But the cherry on the cake for me was the tour’s final stop, Growing Power. Growing Power was once the last working farm within the Milwaukee city limits, with historic greenhouses and other infrastructure, all on a 3 acre site in one of the city’s most deprived areas. They have sites in other cities, but their Milwaukee site is an amazing showcase of aquaponics, the integration of fish production and vegetable growing. Here is a great video about it, featuring its founder Will Allen, who unfortunately wasn't there the day we went:
It’s a huge success. During 2012, Growing Power had over 30,000 visitors, over 5,600 volunteers, trained 1,700 young people to become their own urban farmers, harvested more than $750,000 worth of produce across 200 acres of growing spaces, harvested over 600 lbs of oyster mushrooms, raised 50,000 fish and much more. They run a number of food stands and markets, supply restaurants and grocers, trainings and all manner of other innovations.
It’s a fascinating tour too. Based in the six greenhouses, a series of pond containing different fish species produce nutrient-rich water which is them pumped through a series of shelves on which food is grown in trays. They grow huge amounts of sprouts such as wheatgrass and pea shoots, which are in great demand. It’s almost year round, and very productive. The tanks teem with different varieties of fish (mostly Tilapia, Lake Perch and Black Pacu). Outside food is grown in more conventional tunnels, and millions of worms are bred every year in their worm composting beds ...
Outside there are goats, sheep and chickens. There are bee hives ...
... which make 'Growing Power Urban Honey' ...
It's a deeply impressive example of urban agriculture and intensive urban food production and job creation. That was the last stop on our tour. I then had to whizz off to do an interview for a documentary about local food, and then had a bit of downtime before the evening's event.
Billed as 'The Brew City Abundance Bash', the evening's festivities were hosted at the Lakefront Brewery, a great craft brewery which has won awards for the energy efficiency and other 'green' measures it has taken. Very fitting. The evening began with Matt Filipiak leading a rendition of his song "It's no Milwaukee". Then the Mayor of Milwaukee, Tom Barrett got things underway, talking about the many things that the City Authority is doing to promote sustainability. It was clear that the committment to these issues, and his admiration for the work of Transition Milwaukee, runs deep.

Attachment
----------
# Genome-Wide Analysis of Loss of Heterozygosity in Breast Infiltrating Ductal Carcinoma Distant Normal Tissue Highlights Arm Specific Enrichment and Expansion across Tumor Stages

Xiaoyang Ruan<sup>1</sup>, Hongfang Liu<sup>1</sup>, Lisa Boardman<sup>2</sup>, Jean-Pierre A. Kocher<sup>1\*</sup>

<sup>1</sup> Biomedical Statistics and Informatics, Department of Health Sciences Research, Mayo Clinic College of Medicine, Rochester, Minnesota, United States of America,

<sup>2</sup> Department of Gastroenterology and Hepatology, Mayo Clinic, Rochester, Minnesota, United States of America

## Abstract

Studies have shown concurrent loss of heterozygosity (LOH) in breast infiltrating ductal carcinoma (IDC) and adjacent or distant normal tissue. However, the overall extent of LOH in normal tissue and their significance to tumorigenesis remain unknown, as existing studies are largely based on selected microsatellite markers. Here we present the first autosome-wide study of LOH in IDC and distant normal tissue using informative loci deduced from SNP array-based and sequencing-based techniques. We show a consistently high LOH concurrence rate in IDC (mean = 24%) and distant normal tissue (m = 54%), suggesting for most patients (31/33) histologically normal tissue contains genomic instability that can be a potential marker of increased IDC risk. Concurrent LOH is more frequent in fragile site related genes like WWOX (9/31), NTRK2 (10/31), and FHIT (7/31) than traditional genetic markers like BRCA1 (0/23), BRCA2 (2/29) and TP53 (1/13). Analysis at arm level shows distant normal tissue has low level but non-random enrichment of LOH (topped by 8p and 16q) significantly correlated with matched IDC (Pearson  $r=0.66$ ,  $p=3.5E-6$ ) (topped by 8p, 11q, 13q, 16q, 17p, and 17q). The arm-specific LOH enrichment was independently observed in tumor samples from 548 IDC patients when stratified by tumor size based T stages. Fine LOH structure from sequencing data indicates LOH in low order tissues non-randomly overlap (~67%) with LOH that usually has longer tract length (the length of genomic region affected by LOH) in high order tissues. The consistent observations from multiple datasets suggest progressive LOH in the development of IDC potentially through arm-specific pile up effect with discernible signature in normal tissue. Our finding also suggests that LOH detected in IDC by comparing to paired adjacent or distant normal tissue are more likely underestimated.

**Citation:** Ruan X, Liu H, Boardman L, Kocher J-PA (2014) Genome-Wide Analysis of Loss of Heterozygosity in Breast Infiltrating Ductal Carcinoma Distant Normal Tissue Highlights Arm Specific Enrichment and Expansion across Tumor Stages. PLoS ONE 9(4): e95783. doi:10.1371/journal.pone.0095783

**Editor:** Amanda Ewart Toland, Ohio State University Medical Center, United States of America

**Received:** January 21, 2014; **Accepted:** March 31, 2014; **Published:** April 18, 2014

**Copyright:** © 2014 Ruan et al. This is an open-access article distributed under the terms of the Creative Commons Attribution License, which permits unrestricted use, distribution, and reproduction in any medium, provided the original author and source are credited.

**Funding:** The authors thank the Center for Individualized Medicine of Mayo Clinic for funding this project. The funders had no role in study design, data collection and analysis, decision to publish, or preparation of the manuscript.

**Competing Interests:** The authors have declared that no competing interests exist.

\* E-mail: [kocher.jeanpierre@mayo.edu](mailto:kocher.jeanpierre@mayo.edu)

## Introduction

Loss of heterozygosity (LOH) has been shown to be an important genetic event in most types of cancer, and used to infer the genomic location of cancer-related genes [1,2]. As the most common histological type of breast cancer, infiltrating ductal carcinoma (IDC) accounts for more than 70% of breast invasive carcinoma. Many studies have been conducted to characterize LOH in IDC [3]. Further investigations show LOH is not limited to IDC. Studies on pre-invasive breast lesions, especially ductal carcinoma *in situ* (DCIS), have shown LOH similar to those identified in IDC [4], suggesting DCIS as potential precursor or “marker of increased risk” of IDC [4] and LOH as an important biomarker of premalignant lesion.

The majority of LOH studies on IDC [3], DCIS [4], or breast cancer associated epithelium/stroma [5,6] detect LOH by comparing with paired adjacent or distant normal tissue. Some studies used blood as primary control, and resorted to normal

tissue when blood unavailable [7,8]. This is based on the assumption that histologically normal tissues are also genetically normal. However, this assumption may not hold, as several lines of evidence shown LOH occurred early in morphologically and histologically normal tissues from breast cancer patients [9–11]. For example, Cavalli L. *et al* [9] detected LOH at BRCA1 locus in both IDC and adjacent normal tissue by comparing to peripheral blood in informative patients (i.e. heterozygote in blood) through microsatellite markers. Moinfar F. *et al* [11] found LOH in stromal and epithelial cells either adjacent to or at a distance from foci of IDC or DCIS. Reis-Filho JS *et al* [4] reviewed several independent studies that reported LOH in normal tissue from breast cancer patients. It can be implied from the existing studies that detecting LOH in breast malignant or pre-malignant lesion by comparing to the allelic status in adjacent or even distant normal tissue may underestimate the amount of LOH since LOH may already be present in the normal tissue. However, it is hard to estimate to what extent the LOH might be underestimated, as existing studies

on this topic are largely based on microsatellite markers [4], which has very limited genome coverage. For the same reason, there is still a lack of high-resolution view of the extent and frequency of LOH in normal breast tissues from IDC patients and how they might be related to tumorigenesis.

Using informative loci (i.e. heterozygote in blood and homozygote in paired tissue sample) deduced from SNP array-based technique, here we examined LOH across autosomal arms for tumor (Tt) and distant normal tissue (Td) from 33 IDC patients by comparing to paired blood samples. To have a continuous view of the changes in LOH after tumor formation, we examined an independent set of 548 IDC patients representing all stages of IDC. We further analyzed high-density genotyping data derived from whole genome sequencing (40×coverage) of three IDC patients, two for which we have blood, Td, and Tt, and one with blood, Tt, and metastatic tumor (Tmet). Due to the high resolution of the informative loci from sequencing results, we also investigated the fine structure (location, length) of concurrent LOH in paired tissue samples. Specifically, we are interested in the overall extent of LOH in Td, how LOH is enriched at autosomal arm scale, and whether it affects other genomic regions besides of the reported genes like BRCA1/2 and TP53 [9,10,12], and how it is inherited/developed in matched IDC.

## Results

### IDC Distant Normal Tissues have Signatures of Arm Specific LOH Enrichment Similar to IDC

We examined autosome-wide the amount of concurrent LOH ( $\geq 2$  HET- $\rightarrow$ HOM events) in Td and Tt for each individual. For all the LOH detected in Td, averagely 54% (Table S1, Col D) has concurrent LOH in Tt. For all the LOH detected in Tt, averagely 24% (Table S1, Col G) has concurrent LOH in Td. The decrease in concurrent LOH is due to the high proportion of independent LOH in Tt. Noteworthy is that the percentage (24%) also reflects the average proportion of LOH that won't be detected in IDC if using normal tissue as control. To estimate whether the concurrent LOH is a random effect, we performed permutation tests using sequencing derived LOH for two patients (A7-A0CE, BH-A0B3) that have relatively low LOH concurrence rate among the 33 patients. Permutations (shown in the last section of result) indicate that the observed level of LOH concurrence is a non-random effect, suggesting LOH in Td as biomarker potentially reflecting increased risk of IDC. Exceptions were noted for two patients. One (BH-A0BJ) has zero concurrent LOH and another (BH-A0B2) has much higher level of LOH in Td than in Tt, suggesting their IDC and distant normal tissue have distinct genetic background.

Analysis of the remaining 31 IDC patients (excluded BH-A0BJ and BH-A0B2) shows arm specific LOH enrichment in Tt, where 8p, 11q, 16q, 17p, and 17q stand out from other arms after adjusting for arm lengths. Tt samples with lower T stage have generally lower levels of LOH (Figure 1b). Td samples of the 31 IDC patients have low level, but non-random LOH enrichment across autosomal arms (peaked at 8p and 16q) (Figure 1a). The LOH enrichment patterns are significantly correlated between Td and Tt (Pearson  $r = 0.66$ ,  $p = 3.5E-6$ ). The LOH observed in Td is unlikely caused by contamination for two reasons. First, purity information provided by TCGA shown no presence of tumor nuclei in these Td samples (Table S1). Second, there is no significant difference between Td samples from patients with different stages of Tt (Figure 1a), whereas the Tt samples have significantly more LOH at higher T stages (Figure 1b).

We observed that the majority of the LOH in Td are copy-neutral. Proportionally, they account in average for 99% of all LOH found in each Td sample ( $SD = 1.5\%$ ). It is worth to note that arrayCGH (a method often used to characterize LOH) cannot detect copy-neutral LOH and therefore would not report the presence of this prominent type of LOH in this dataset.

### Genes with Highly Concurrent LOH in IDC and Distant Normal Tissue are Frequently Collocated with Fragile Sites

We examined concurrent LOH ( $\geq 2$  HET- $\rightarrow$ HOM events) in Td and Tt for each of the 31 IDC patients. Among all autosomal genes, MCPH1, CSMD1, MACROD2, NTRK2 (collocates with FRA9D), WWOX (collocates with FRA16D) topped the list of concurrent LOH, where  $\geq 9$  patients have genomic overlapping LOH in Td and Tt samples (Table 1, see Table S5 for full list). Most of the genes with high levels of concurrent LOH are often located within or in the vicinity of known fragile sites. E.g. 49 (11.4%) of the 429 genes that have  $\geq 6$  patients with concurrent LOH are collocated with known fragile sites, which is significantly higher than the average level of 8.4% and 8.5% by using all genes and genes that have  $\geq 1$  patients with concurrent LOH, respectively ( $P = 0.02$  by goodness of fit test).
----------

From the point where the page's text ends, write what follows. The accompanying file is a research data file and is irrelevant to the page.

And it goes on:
Then Matt Howard, who works with Tom as Director of Milwaukee's Office of Environmental Sustainability talked about, ReFresh Milwaukee, the city's first sustainability plan. Its website states that it:
provides a vision for community sustainability over the next 10 years and seeks to make Milwaukee a center for sustainability innovation and thought leadership.
Then Felicia Hobart and the Hive sang a song about bees, and Ken Leinback of Milwaukee's fantastic Urban Ecology Centre shared, with great audience participation, his story about when he realised that we needed to do something about the environment rather than just talking about it.
Then it was over to me. It was my last talk of the trip, and luckily my voice was still holding out. The talk went down very well, with an amazing crowd packing the place out, must have been well over 400. It was very enjoyable, and was followed by lots of book signings and meeting people.
As is now customary, while there, with help from members of Transition Milwaukee, I asked people involved in the group what, for them, is Transition? How would they describe it?
Also, why do they do it?
That evening’s event was really glorious. I’d say at least 400 came, standing room only at the back of the hall. A great ending to the tour. On my last morning there before heading home, I went to the People's Book Co-operative to do a couple of interviews, and then visited the Great Lake that sits alongside Milwaukee, which holds 20% of all the fresh water in the world. Never seen a Great Lake before, so that was a great thing to do before I left. And with that, I was off, heading for home.
It'll take me a while to digest it all, but I'd like to thank everyone who organised it all, especially the good folks at Transition US and Post Carbon Institute, especially Carolyne, Maggie, Marissa, Asher and Desiree, as well as all the great people I met on the way, all my hosts, and everyone in the Transition groups who had spent so much time putting on such great events. And Amber, for all her great co-ordinating skills. And whoever it was who made sure my suitcase, which was lost on my return journey, was eventually found and returned to me. And Carol Kraco for use of three of her photos above, and Tom for ferrying me around Milwaukee talking about music. Thanks all.